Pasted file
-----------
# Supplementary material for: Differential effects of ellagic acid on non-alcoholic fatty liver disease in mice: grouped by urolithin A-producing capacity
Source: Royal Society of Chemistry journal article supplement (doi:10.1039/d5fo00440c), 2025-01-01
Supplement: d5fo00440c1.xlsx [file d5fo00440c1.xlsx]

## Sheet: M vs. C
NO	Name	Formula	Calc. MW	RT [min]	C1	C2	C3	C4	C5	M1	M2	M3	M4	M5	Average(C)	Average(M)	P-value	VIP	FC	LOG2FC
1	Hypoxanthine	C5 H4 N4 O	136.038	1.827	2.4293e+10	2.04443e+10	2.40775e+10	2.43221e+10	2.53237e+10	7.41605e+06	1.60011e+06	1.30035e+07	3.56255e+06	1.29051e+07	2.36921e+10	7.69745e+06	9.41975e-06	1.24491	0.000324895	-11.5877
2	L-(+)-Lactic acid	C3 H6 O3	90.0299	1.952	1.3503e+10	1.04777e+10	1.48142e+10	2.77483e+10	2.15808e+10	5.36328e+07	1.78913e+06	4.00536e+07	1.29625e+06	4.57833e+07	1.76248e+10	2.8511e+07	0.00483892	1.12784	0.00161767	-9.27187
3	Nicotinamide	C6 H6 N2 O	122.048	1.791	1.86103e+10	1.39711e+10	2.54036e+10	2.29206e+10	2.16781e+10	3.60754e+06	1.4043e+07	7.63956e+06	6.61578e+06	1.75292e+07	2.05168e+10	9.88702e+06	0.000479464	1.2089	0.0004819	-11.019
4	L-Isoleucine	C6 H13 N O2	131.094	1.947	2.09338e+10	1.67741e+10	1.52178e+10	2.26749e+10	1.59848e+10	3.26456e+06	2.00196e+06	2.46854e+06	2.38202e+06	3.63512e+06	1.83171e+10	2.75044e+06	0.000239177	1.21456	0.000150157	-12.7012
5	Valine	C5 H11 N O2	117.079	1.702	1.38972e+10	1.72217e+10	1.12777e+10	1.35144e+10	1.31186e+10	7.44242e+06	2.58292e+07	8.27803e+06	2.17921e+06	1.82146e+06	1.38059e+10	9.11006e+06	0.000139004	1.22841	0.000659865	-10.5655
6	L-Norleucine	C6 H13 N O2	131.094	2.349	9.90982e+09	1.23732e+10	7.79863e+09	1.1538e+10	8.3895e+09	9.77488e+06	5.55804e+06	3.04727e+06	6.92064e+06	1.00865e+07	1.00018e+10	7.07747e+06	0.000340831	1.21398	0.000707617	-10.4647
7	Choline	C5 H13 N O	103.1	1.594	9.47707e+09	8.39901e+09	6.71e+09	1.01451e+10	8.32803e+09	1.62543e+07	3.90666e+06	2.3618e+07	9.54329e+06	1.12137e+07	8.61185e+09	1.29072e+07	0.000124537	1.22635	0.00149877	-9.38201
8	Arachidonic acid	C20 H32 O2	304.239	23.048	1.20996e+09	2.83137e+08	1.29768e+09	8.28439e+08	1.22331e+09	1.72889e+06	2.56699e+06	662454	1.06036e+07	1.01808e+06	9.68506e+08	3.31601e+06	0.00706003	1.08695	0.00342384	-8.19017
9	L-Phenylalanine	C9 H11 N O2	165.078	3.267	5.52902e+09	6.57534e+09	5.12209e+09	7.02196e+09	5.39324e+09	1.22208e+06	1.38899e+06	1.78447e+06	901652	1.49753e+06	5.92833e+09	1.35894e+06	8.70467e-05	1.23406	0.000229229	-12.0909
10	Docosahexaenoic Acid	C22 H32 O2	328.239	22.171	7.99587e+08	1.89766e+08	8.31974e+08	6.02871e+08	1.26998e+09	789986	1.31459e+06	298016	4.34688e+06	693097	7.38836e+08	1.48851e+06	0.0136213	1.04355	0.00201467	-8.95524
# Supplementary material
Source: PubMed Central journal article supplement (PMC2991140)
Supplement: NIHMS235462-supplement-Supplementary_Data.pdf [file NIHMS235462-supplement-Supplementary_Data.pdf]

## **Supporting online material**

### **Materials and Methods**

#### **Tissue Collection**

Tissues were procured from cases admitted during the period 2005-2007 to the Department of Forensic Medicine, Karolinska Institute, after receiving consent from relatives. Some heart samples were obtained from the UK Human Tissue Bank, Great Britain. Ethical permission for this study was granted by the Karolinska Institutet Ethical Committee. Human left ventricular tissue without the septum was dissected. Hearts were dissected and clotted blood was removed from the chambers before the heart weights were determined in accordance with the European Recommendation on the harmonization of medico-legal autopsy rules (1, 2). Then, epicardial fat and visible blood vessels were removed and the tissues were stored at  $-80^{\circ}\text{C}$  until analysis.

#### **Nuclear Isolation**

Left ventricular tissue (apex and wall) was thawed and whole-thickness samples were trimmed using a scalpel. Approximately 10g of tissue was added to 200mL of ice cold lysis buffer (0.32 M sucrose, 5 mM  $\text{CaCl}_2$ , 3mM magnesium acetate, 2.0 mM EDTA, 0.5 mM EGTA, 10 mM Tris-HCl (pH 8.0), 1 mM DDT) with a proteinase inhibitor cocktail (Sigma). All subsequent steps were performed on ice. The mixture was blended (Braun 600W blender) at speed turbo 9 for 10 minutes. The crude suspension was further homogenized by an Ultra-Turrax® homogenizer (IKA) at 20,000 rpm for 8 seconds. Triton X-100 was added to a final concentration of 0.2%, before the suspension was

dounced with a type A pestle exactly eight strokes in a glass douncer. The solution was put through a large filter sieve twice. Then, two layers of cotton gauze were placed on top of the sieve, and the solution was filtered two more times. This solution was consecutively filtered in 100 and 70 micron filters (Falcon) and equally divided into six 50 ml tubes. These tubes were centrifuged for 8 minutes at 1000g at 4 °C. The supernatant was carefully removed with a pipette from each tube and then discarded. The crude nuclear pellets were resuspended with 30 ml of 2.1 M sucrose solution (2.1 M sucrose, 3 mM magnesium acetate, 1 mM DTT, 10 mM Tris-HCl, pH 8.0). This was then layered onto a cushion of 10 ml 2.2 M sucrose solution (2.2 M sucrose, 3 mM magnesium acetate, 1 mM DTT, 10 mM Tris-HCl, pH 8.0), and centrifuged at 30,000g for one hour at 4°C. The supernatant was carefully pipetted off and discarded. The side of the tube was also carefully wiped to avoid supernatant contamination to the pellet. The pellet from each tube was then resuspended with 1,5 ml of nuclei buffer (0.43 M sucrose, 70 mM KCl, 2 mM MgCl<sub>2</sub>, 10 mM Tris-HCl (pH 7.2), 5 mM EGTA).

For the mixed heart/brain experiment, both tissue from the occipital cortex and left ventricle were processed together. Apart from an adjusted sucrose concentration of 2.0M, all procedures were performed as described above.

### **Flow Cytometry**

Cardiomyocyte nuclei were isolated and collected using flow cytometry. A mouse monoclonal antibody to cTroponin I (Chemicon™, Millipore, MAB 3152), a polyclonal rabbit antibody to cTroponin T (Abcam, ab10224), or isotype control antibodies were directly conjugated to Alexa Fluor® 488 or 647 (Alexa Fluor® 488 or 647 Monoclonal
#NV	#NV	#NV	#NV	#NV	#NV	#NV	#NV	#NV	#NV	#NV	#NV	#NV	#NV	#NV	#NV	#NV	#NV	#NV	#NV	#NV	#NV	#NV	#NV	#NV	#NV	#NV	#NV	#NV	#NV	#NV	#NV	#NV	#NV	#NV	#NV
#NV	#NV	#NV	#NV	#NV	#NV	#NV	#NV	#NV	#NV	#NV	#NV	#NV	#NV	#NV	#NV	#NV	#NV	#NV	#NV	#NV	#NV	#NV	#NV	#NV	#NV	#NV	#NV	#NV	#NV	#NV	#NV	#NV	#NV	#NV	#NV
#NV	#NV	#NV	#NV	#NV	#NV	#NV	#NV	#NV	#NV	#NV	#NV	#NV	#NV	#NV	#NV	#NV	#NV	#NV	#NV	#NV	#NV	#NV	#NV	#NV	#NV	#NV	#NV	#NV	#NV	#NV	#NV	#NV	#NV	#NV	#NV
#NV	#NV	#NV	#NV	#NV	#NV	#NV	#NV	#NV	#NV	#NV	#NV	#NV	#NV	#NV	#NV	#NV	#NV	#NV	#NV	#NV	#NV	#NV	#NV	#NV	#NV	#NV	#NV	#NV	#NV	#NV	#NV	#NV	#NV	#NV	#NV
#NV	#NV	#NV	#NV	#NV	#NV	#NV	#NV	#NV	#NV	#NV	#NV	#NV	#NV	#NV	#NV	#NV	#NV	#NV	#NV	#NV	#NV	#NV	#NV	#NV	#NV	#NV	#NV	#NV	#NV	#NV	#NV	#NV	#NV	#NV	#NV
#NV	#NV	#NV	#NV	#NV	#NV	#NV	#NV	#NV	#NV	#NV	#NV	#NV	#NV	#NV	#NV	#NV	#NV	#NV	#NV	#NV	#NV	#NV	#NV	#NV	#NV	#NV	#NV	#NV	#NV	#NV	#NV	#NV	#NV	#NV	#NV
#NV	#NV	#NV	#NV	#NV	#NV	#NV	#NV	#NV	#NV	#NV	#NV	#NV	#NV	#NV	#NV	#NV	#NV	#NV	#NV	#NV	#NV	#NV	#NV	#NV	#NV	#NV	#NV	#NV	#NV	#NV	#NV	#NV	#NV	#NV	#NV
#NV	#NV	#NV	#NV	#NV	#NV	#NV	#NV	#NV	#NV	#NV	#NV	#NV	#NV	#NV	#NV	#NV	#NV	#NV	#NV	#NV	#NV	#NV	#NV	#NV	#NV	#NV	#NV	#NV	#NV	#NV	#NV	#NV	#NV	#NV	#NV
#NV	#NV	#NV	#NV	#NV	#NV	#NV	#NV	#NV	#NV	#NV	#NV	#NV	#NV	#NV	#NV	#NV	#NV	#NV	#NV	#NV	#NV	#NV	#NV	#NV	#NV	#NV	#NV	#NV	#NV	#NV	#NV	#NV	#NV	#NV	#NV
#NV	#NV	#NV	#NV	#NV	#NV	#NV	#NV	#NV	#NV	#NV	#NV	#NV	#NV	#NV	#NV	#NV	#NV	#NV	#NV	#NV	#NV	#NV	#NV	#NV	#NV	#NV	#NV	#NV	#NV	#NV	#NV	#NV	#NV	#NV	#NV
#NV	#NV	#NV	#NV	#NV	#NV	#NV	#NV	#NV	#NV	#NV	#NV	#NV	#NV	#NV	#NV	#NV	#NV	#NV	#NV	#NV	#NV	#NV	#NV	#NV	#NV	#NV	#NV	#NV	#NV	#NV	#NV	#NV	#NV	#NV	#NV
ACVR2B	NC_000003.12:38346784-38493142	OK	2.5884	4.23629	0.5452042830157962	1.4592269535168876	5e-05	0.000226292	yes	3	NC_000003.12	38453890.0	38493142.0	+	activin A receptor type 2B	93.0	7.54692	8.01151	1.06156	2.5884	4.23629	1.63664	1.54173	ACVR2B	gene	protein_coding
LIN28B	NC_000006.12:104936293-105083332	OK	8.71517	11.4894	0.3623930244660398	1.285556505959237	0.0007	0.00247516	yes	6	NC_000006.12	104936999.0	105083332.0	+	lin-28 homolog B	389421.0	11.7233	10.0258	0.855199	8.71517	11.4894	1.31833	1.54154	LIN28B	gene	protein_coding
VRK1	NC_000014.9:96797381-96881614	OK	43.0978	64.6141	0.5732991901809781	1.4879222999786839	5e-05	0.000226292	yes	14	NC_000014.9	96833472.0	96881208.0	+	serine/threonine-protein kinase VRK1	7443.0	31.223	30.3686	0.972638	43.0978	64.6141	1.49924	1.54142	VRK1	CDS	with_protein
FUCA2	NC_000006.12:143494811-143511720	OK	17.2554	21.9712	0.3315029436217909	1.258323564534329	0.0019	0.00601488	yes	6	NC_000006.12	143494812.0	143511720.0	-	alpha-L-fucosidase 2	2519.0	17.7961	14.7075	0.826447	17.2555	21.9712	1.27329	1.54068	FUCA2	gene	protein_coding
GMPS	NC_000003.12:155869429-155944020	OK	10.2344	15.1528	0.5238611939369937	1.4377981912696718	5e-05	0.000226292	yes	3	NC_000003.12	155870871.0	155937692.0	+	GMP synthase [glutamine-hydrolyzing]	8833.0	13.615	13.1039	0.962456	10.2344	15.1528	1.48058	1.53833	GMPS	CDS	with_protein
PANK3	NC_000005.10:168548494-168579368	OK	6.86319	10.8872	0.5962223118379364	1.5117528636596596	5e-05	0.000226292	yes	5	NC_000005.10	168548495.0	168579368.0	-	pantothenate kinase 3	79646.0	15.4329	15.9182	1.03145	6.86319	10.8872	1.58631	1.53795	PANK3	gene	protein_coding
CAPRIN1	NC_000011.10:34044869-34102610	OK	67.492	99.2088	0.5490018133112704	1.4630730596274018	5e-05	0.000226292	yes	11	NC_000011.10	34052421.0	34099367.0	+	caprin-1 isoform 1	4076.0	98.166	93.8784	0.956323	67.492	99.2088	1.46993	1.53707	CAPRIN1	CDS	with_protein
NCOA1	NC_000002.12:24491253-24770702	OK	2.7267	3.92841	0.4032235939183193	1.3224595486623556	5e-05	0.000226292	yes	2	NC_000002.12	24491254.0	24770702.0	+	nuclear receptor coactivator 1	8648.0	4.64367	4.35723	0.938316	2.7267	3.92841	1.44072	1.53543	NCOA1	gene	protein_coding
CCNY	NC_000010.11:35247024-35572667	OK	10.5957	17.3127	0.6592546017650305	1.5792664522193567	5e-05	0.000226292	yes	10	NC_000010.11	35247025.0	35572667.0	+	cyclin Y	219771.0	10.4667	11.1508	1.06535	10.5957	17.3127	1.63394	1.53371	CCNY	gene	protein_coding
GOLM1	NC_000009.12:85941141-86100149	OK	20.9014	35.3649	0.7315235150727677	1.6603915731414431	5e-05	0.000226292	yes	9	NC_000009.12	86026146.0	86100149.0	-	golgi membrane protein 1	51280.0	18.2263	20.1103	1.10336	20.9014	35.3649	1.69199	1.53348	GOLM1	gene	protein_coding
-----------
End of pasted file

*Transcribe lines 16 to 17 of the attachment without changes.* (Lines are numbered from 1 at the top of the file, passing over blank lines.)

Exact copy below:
# Supplementary material
Source: PubMed Central journal article supplement (PMC2991140)